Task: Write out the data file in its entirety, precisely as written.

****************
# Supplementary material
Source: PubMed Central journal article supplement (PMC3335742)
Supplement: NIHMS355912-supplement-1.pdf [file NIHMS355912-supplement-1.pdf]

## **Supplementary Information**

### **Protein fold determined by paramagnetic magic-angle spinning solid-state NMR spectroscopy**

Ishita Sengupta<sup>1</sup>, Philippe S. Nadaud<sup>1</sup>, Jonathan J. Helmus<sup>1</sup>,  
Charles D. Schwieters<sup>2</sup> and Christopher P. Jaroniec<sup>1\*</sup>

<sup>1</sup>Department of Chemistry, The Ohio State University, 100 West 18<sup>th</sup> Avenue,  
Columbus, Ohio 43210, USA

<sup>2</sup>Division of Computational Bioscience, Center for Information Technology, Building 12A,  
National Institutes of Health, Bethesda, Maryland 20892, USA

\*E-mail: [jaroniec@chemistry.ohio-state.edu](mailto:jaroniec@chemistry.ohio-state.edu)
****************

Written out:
# Supplementary material
Source: PubMed Central journal article supplement (PMC3335742)
Supplement: NIHMS355912-supplement-1.pdf [file NIHMS355912-supplement-1.pdf]

## **Supplementary Information**

### **Protein fold determined by paramagnetic magic-angle spinning solid-state NMR spectroscopy**

Ishita Sengupta<sup>1</sup>, Philippe S. Nadaud<sup>1</sup>, Jonathan J. Helmus<sup>1</sup>,  
Charles D. Schwieters<sup>2</sup> and Christopher P. Jaroniec<sup>1\*</sup>

<sup>1</sup>Department of Chemistry, The Ohio State University, 100 West 18<sup>th</sup> Avenue,  
Columbus, Ohio 43210, USA

<sup>2</sup>Division of Computational Bioscience, Center for Information Technology, Building 12A,  
National Institutes of Health, Bethesda, Maryland 20892, USA

\*E-mail: [jaroniec@chemistry.ohio-state.edu](mailto:jaroniec@chemistry.ohio-state.edu)